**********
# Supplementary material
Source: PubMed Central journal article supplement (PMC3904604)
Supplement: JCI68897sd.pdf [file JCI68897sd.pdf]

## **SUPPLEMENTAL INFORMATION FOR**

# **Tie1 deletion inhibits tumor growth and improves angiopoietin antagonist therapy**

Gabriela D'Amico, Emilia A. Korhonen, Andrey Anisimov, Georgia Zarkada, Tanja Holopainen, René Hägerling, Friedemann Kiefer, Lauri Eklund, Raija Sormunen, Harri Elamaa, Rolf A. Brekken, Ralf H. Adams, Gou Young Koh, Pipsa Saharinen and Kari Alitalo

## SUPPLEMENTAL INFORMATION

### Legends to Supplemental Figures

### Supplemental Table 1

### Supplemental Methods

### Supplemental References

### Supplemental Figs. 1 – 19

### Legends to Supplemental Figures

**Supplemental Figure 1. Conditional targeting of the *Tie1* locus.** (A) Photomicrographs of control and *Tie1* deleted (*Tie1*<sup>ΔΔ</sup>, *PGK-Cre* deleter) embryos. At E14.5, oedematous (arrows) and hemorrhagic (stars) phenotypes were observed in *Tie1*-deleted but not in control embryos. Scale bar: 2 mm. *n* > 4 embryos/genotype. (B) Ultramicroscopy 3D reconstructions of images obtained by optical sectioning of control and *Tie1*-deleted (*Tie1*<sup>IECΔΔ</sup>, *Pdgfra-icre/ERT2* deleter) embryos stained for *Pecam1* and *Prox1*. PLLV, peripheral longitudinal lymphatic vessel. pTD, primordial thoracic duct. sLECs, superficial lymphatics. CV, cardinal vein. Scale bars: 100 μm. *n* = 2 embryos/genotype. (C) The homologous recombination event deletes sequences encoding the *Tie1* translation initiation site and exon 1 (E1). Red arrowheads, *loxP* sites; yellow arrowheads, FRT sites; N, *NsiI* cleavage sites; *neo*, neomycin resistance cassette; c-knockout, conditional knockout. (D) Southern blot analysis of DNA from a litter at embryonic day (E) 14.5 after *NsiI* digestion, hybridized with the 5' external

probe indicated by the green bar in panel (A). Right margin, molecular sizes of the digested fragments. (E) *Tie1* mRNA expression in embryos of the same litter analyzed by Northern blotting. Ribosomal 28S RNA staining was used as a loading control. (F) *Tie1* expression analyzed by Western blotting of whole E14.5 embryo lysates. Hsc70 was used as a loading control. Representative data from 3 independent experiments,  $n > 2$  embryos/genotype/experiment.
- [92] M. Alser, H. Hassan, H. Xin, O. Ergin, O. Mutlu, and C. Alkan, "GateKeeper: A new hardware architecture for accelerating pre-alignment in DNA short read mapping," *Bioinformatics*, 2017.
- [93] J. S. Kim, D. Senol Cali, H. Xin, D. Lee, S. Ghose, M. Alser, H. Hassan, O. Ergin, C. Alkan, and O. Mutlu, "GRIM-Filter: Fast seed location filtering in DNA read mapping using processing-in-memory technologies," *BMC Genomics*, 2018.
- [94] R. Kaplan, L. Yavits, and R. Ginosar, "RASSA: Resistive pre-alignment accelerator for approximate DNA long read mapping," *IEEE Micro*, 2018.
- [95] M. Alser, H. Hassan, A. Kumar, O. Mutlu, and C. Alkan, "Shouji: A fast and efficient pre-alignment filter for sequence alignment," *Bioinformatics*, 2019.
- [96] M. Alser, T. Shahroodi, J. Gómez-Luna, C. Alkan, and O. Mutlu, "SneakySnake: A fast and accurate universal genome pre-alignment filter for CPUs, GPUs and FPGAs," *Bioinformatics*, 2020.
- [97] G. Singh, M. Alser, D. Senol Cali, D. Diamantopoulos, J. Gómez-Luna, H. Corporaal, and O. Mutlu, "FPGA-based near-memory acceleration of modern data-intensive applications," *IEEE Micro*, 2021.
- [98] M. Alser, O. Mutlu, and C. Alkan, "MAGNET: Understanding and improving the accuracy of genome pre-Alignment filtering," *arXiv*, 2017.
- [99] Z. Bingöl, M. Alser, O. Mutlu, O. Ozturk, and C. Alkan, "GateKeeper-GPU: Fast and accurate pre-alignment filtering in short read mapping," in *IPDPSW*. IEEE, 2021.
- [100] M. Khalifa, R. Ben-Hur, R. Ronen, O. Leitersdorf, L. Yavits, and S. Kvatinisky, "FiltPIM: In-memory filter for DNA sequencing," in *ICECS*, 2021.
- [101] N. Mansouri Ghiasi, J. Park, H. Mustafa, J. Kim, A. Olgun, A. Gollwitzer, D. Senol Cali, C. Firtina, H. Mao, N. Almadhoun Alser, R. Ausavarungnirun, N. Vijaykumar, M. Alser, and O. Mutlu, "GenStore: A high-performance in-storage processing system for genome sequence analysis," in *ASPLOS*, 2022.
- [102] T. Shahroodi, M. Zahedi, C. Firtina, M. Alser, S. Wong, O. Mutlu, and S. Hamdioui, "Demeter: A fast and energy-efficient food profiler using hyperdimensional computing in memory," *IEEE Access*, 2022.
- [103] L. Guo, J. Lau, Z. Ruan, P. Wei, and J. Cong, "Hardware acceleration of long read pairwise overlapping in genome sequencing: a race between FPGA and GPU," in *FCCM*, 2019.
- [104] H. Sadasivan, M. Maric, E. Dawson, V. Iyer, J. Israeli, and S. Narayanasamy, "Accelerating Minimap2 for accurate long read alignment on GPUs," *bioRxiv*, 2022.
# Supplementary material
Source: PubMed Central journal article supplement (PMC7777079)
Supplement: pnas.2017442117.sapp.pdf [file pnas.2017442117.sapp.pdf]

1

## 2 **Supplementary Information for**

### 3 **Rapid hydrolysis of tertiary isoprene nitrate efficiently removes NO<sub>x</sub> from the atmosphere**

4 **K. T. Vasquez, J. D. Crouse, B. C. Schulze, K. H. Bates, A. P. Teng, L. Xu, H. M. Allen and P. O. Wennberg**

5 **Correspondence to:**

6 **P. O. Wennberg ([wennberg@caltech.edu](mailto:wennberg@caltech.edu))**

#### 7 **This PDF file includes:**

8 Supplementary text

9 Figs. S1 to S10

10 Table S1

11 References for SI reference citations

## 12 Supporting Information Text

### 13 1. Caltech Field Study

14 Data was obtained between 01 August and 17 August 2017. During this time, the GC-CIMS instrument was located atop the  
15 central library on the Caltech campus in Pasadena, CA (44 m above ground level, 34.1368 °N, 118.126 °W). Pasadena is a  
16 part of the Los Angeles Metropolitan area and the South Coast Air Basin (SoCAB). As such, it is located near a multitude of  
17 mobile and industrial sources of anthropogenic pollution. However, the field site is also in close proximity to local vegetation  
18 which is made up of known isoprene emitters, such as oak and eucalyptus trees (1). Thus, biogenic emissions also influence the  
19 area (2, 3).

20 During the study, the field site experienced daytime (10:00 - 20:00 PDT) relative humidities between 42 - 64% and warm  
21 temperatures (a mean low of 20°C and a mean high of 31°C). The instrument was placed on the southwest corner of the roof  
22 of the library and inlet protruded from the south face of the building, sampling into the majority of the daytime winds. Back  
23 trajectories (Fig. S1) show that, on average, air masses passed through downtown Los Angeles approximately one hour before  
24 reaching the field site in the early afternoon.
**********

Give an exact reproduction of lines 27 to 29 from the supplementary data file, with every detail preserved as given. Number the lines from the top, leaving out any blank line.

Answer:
- [103] L. Guo, J. Lau, Z. Ruan, P. Wei, and J. Cong, "Hardware acceleration of long read pairwise overlapping in genome sequencing: a race between FPGA and GPU," in *FCCM*, 2019.
- [104] H. Sadasivan, M. Maric, E. Dawson, V. Iyer, J. Israeli, and S. Narayanasamy, "Accelerating Minimap2 for accurate long read alignment on GPUs," *bioRxiv*, 2022.
# Supplementary material